Nead began his teaching career with UCESC in 1992. After initially
spending one year assigned to Hillcrest High School, Nead served as a
physical education teacher at Beadleston High School*fn5
in Westfield -- an alternative school for students with
emotional and behavioral challenges -- for the balance of his
fourteen-year employment. Throughout this term, Nead repeatedly
complained to administrators about physical threats and abuse by
students against teachers and other students, and railed against what
he perceived as a general disregard for school policies and regulations by the administration.*fn6 Notwithstanding
his repeated expressions of discontent, Nead received tenure during
the 1995-1996 school year.
Throughout the 1999-2000 school year, Nead served as the union representative for the local teachers association. In this capacity, he often brought to the principal's attention what he believed were discordances with UCESC's educational policies and the inaction of the school's administration in response. Cited examples of noncompliance with UCESC policies included tolerance for on-campus drug and tobacco use, as well as ignoring physical assaults by students against faculty, staff, and other students.
In 2000, one of Nead's colleagues filed a lawsuit against UCESC, asserting retaliation for reporting student abuse of teachers and students. Nead testified as a witness at a deposition in the case although he claims that the school's administration tried to discourage his participation.
Nead also alleged that he was repeatedly victimized by students throughout his time at Beadleston, who either physically assaulted him or threatened him with physical violence. When he reported one particular incident to the school principal, he was "verbally attacked" and told instead that he had threatened the student.
In June 2005, Nead informed Beadleston's then-principal of his multiple myeloma diagnosis. Later that year, Nead advised the replacement principal of his condition and asserted that he could not take any chances with physical assaults, and may need to leave work early on some days once his cancer treatment started. When such treatment began, however, the principal refused to provide timely coverage for Nead's classes, causing him to miss transportation connections and become overly worried about being late.
Soon thereafter, an affiliated educational facility -- Centennial High School -- closed. Nead claimed that this caused "an influx of students with criminal records to be transferred to Beadleston." In October 2005, Nead was punched in the head and "wrenched his back" while attempting to break up a fight between two students, one of whom was a suspected gang member. That same month, another student punched Nead in the face through a glass window, causing shattered glass to enter Nead's eye.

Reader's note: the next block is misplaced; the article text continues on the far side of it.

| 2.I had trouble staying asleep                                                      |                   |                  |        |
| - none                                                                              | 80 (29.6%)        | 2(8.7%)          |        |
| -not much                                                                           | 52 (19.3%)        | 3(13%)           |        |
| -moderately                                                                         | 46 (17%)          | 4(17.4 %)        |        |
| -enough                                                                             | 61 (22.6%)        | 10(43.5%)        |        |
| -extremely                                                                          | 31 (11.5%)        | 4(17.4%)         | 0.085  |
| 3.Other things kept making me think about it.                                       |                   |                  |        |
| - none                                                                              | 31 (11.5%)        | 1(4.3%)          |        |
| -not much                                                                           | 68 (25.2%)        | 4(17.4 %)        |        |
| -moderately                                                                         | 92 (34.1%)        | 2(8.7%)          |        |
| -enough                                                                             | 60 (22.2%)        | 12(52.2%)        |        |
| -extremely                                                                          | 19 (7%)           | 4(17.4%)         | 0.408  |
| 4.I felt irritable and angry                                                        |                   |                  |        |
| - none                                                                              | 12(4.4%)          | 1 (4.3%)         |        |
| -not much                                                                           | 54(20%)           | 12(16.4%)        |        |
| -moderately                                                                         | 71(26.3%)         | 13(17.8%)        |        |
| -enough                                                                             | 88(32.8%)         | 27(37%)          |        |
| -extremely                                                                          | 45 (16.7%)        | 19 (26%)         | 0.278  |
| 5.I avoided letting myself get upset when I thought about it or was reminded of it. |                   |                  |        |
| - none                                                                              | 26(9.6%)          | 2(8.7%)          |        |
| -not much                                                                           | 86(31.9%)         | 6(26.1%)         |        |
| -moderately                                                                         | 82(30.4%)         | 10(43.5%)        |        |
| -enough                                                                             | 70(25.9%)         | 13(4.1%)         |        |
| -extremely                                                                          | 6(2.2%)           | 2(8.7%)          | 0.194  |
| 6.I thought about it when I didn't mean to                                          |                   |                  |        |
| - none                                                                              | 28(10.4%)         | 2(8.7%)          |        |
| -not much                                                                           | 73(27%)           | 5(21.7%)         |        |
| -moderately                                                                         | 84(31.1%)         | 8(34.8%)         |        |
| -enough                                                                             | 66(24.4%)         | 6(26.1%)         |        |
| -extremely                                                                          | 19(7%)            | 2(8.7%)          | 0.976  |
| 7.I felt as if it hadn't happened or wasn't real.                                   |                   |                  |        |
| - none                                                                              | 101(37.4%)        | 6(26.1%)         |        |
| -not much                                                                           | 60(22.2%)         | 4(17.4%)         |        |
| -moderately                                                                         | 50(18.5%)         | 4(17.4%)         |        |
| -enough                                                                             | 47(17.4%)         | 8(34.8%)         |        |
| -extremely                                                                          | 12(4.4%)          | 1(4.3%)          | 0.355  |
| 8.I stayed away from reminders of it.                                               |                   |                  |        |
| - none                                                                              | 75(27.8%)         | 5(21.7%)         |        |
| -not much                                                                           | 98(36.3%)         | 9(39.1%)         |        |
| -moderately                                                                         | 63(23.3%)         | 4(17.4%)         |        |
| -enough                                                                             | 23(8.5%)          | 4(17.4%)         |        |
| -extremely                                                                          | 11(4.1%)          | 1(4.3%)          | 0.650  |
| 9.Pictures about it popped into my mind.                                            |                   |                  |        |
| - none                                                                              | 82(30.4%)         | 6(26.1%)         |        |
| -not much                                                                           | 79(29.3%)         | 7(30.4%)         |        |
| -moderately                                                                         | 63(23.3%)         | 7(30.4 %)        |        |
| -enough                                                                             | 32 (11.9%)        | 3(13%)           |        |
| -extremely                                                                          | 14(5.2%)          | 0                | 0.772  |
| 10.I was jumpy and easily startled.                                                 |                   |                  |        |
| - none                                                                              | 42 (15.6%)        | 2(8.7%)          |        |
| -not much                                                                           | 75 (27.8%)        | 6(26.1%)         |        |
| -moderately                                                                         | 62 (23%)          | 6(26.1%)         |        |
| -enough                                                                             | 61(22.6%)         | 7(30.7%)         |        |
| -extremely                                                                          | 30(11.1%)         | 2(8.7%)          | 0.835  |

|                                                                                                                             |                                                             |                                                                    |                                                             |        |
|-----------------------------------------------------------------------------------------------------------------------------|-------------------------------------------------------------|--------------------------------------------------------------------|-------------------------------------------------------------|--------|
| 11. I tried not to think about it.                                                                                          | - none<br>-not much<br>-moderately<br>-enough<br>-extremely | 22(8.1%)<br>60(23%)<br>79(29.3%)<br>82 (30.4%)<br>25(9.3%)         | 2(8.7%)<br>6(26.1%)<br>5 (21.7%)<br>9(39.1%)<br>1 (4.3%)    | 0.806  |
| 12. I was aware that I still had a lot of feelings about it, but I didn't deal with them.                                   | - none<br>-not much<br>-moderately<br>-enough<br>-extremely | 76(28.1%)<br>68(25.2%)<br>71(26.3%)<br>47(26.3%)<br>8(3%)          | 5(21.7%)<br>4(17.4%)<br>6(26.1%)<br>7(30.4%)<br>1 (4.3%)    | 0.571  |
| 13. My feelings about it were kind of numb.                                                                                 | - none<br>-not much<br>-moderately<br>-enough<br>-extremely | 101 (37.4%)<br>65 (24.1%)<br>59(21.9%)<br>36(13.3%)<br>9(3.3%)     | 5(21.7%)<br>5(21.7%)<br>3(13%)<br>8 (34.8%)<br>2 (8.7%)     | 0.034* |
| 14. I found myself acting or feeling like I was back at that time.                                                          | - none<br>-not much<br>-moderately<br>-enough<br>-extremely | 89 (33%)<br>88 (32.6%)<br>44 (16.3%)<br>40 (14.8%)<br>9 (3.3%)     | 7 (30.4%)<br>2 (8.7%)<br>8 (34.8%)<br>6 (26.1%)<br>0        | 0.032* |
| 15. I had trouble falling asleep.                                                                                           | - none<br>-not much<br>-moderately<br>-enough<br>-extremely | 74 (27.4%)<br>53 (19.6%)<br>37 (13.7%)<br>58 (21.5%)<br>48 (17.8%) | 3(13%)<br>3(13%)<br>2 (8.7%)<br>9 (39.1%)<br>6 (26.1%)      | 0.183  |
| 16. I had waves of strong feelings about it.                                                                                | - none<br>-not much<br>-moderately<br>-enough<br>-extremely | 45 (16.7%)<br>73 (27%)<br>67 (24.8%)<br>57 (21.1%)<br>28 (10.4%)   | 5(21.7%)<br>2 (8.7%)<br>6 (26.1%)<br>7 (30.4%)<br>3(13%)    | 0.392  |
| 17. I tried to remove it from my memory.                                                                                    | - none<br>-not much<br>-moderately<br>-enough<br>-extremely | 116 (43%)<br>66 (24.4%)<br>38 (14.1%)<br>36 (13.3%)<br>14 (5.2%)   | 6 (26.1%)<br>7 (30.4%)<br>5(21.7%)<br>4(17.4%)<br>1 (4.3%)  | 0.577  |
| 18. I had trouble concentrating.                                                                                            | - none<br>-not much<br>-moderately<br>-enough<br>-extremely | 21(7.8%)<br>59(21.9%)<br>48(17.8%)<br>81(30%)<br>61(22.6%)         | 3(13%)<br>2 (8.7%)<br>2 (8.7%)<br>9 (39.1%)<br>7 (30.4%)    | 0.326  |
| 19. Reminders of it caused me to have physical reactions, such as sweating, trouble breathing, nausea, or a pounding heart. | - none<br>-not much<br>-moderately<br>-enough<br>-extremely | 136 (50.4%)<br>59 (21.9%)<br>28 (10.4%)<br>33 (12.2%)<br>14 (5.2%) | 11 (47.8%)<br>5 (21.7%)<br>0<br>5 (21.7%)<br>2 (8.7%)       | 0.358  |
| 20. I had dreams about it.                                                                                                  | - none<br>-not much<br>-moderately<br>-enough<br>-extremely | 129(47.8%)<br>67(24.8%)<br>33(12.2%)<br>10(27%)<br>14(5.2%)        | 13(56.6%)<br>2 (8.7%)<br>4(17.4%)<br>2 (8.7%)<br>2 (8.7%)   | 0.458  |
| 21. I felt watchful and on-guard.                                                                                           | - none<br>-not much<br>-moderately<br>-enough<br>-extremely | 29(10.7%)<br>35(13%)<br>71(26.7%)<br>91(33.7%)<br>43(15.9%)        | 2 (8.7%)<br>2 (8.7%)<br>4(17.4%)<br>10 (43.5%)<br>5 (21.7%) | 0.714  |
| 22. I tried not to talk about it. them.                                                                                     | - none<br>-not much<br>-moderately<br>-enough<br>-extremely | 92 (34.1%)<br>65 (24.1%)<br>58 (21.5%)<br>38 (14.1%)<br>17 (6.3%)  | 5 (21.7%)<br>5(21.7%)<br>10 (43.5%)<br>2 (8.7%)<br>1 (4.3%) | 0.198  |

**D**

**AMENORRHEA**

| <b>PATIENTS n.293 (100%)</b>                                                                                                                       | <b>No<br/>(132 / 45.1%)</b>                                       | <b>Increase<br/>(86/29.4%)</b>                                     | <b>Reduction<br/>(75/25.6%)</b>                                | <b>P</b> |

Nead further claimed that UCESC retaliated against him for whistle blowing activities. Specifically, he asserted that UCESC (1) denied his requests to attend professional development classes, (2) refused to provide him with a paraprofessional (teacher's assistant) even though he was the only full-time teacher without one, (3) initially refused to give him a desk due to professed financial constraints, (4) neglected to order him needed school supplies, including a classroom telephone, (5) prohibited plaintiff from attending a school field trip he had organized, and (6) assigned him to thirty-classes, which he maintains was "more than any other teacher."
When the local education association wrote a letter to the superintendent regarding safety issues at the school in February 2000, Nead asserted that the school principal retaliated against him by refusing to give him a key to a classroom he used, forcing him and his students to congregate in the hallway before each class until someone unlocked the door and allowed them in. Nead also contended that he was given undesirable assignments such as supervising smoke breaks and being put on back-to-back lunch duty.
The final indignity, according to Nead, occurred on March 20, 2006, when UCESC reported to the Department of Human Services Institutional Abuse Investigation Unit (IAIU) allegations that Nead had assaulted a student. Four days later, Nead ceased being a teacher at Beadleston. He gave notice in a written letter to UCESC, stating "I regret to say ...